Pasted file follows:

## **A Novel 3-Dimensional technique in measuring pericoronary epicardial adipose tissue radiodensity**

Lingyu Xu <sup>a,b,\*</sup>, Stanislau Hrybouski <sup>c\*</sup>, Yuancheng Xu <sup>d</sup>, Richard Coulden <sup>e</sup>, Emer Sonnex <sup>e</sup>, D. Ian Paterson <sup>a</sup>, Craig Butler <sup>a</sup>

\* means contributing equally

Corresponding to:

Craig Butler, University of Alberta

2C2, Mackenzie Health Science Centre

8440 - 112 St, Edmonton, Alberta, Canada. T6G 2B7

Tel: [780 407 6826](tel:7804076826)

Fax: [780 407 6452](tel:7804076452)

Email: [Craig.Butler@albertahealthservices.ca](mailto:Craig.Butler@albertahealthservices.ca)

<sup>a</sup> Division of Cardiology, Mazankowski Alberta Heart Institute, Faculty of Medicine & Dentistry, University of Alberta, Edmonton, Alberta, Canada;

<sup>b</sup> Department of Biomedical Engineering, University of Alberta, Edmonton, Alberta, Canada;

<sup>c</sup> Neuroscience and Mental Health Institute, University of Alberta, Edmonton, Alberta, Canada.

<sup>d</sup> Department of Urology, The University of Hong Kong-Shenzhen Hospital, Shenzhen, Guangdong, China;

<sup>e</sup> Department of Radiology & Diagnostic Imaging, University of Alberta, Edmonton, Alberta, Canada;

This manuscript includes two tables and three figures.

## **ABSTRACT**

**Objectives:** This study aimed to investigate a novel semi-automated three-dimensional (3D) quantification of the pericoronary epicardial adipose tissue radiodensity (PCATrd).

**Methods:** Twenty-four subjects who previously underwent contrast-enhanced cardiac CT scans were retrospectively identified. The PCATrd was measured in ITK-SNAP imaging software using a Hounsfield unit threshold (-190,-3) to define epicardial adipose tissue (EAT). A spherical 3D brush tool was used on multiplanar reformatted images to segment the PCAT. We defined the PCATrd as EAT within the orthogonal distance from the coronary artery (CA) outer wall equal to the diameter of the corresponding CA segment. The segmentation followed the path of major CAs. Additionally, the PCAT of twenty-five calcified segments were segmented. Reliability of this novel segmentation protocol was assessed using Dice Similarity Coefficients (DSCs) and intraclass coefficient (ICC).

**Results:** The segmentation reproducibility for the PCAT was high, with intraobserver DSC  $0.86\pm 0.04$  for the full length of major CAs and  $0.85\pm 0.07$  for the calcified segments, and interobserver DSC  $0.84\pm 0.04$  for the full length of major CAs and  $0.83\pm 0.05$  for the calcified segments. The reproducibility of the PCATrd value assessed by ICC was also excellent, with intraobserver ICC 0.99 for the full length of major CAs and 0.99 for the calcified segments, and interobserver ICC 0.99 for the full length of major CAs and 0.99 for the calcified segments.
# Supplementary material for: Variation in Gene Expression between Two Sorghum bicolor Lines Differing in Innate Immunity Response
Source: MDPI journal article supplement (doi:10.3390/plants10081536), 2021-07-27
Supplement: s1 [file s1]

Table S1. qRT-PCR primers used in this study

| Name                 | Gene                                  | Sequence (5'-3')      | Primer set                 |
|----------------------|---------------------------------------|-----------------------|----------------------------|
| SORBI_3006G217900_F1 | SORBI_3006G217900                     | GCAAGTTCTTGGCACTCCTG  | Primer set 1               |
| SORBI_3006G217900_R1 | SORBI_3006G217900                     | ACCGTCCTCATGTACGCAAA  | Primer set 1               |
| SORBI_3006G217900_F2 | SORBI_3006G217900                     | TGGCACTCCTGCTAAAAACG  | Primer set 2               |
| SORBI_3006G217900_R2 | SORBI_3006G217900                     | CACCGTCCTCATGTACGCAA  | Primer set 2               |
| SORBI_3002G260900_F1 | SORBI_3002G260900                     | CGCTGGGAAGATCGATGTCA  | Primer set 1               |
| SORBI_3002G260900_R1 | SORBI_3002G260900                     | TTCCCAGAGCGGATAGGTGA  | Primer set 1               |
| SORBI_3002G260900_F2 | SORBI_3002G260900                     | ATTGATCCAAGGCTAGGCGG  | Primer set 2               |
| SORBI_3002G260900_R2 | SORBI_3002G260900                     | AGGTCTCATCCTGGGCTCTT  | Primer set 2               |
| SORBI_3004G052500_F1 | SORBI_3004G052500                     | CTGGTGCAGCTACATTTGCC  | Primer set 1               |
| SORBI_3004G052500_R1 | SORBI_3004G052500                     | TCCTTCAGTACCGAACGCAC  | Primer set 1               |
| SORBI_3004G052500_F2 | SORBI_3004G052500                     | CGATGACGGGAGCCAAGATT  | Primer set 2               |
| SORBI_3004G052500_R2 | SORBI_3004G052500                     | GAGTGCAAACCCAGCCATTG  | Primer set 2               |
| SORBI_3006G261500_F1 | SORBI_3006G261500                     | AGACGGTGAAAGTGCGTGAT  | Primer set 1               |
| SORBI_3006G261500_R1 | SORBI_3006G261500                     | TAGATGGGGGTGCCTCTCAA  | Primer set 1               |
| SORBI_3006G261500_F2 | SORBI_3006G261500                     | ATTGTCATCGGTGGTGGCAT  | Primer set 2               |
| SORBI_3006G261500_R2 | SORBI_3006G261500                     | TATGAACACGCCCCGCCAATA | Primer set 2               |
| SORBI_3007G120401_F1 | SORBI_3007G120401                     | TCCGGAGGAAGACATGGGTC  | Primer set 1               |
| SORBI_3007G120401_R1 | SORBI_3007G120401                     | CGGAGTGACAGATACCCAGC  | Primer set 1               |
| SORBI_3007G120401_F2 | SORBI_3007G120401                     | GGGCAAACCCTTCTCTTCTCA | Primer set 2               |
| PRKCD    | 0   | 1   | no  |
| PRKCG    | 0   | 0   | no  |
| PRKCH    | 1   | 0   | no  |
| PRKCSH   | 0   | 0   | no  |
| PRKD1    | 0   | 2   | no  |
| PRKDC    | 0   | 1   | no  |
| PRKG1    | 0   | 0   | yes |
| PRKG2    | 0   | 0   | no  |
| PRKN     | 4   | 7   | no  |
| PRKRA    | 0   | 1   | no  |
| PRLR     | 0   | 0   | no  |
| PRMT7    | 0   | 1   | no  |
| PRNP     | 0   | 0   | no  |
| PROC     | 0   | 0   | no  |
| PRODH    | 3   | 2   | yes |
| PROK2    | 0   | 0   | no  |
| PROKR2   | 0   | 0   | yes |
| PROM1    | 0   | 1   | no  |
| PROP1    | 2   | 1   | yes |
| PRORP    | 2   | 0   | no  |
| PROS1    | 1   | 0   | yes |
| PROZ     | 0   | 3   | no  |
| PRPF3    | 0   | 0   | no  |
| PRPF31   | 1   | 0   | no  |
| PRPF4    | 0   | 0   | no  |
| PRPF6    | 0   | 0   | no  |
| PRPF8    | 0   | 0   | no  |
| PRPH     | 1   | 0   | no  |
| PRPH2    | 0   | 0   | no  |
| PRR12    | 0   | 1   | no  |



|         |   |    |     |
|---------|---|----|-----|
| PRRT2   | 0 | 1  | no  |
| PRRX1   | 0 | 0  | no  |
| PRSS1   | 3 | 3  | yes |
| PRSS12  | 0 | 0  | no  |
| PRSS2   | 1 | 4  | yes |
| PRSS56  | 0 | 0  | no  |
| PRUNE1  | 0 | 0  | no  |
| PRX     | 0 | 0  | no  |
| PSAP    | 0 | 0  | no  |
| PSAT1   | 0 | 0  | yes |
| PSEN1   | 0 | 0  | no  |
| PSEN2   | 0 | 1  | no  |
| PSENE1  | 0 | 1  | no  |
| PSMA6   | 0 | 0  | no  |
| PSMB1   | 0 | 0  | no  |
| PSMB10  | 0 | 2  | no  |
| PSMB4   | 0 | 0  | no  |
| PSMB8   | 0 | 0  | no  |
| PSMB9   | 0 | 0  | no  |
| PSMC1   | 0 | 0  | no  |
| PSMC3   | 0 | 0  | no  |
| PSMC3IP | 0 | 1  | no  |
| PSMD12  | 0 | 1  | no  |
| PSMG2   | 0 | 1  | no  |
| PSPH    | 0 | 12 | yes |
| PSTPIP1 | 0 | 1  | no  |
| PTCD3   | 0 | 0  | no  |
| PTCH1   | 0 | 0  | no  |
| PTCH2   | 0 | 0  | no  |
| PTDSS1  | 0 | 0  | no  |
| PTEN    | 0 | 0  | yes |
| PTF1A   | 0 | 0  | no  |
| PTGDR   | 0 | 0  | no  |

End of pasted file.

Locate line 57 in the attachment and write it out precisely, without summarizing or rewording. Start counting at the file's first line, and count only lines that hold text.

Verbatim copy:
| PRMT7    | 0   | 1   | no  |